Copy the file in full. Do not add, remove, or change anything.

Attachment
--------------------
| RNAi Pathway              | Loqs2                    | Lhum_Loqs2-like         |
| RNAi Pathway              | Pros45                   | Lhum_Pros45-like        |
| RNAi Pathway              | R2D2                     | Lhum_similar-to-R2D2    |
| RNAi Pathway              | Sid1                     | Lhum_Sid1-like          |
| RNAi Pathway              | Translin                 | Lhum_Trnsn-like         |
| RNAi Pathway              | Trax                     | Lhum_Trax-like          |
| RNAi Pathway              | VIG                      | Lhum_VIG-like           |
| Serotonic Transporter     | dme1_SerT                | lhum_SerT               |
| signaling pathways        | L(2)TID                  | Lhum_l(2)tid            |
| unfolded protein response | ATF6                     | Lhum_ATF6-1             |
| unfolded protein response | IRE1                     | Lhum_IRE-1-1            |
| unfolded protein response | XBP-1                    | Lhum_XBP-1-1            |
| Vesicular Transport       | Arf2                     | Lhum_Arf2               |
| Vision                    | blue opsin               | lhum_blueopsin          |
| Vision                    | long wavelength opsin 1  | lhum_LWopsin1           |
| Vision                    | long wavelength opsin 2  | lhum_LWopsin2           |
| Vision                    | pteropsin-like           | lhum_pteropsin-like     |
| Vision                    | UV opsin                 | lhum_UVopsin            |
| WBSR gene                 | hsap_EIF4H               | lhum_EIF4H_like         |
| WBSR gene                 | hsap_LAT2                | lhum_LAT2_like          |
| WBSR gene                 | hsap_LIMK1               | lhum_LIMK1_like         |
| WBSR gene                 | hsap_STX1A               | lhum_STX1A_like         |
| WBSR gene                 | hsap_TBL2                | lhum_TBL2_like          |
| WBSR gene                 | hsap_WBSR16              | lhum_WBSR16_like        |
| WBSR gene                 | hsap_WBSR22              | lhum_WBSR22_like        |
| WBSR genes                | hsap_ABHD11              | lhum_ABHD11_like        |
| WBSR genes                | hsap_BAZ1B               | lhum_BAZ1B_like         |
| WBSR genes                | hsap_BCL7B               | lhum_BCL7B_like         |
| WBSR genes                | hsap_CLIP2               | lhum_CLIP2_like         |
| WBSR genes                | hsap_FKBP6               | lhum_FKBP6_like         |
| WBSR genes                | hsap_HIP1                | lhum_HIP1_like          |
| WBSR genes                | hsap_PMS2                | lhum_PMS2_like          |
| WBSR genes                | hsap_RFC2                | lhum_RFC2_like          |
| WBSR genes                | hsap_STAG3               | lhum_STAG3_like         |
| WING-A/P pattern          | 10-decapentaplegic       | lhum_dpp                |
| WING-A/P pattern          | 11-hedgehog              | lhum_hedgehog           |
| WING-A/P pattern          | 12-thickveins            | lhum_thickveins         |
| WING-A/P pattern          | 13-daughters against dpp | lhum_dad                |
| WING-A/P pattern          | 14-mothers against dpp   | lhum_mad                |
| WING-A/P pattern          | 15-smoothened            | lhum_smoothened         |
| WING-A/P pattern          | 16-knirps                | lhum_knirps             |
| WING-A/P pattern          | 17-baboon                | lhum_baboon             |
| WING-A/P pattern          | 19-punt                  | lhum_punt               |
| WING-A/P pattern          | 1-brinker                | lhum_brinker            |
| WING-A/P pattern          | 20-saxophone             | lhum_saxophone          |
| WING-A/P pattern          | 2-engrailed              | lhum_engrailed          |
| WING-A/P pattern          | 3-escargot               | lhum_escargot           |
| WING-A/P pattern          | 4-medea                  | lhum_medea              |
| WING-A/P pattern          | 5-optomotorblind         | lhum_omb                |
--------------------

| RNAi Pathway              | Loqs2                    | Lhum_Loqs2-like         |
| RNAi Pathway              | Pros45                   | Lhum_Pros45-like        |
| RNAi Pathway              | R2D2                     | Lhum_similar-to-R2D2    |
| RNAi Pathway              | Sid1                     | Lhum_Sid1-like          |
| RNAi Pathway              | Translin                 | Lhum_Trnsn-like         |
| RNAi Pathway              | Trax                     | Lhum_Trax-like          |
| RNAi Pathway              | VIG                      | Lhum_VIG-like           |
| Serotonic Transporter     | dme1_SerT                | lhum_SerT               |
| signaling pathways        | L(2)TID                  | Lhum_l(2)tid            |
| unfolded protein response | ATF6                     | Lhum_ATF6-1             |
| unfolded protein response | IRE1                     | Lhum_IRE-1-1            |
| unfolded protein response | XBP-1                    | Lhum_XBP-1-1            |
| Vesicular Transport       | Arf2                     | Lhum_Arf2               |
| Vision                    | blue opsin               | lhum_blueopsin          |
| Vision                    | long wavelength opsin 1  | lhum_LWopsin1           |
| Vision                    | long wavelength opsin 2  | lhum_LWopsin2           |
| Vision                    | pteropsin-like           | lhum_pteropsin-like     |
| Vision                    | UV opsin                 | lhum_UVopsin            |
| WBSR gene                 | hsap_EIF4H               | lhum_EIF4H_like         |
| WBSR gene                 | hsap_LAT2                | lhum_LAT2_like          |
| WBSR gene                 | hsap_LIMK1               | lhum_LIMK1_like         |
| WBSR gene                 | hsap_STX1A               | lhum_STX1A_like         |
| WBSR gene                 | hsap_TBL2                | lhum_TBL2_like          |
| WBSR gene                 | hsap_WBSR16              | lhum_WBSR16_like        |
| WBSR gene                 | hsap_WBSR22              | lhum_WBSR22_like        |
| WBSR genes                | hsap_ABHD11              | lhum_ABHD11_like        |
| WBSR genes                | hsap_BAZ1B               | lhum_BAZ1B_like         |
| WBSR genes                | hsap_BCL7B               | lhum_BCL7B_like         |
| WBSR genes                | hsap_CLIP2               | lhum_CLIP2_like         |
| WBSR genes                | hsap_FKBP6               | lhum_FKBP6_like         |
| WBSR genes                | hsap_HIP1                | lhum_HIP1_like          |
| WBSR genes                | hsap_PMS2                | lhum_PMS2_like          |
| WBSR genes                | hsap_RFC2                | lhum_RFC2_like          |
| WBSR genes                | hsap_STAG3               | lhum_STAG3_like         |
| WING-A/P pattern          | 10-decapentaplegic       | lhum_dpp                |
| WING-A/P pattern          | 11-hedgehog              | lhum_hedgehog           |
| WING-A/P pattern          | 12-thickveins            | lhum_thickveins         |
| WING-A/P pattern          | 13-daughters against dpp | lhum_dad                |
| WING-A/P pattern          | 14-mothers against dpp   | lhum_mad                |
| WING-A/P pattern          | 15-smoothened            | lhum_smoothened         |
| WING-A/P pattern          | 16-knirps                | lhum_knirps             |
| WING-A/P pattern          | 17-baboon                | lhum_baboon             |
| WING-A/P pattern          | 19-punt                  | lhum_punt               |
| WING-A/P pattern          | 1-brinker                | lhum_brinker            |
| WING-A/P pattern          | 20-saxophone             | lhum_saxophone          |
| WING-A/P pattern          | 2-engrailed              | lhum_engrailed          |
| WING-A/P pattern          | 3-escargot               | lhum_escargot           |
| WING-A/P pattern          | 4-medea                  | lhum_medea              |
| WING-A/P pattern          | 5-optomotorblind         | lhum_omb                |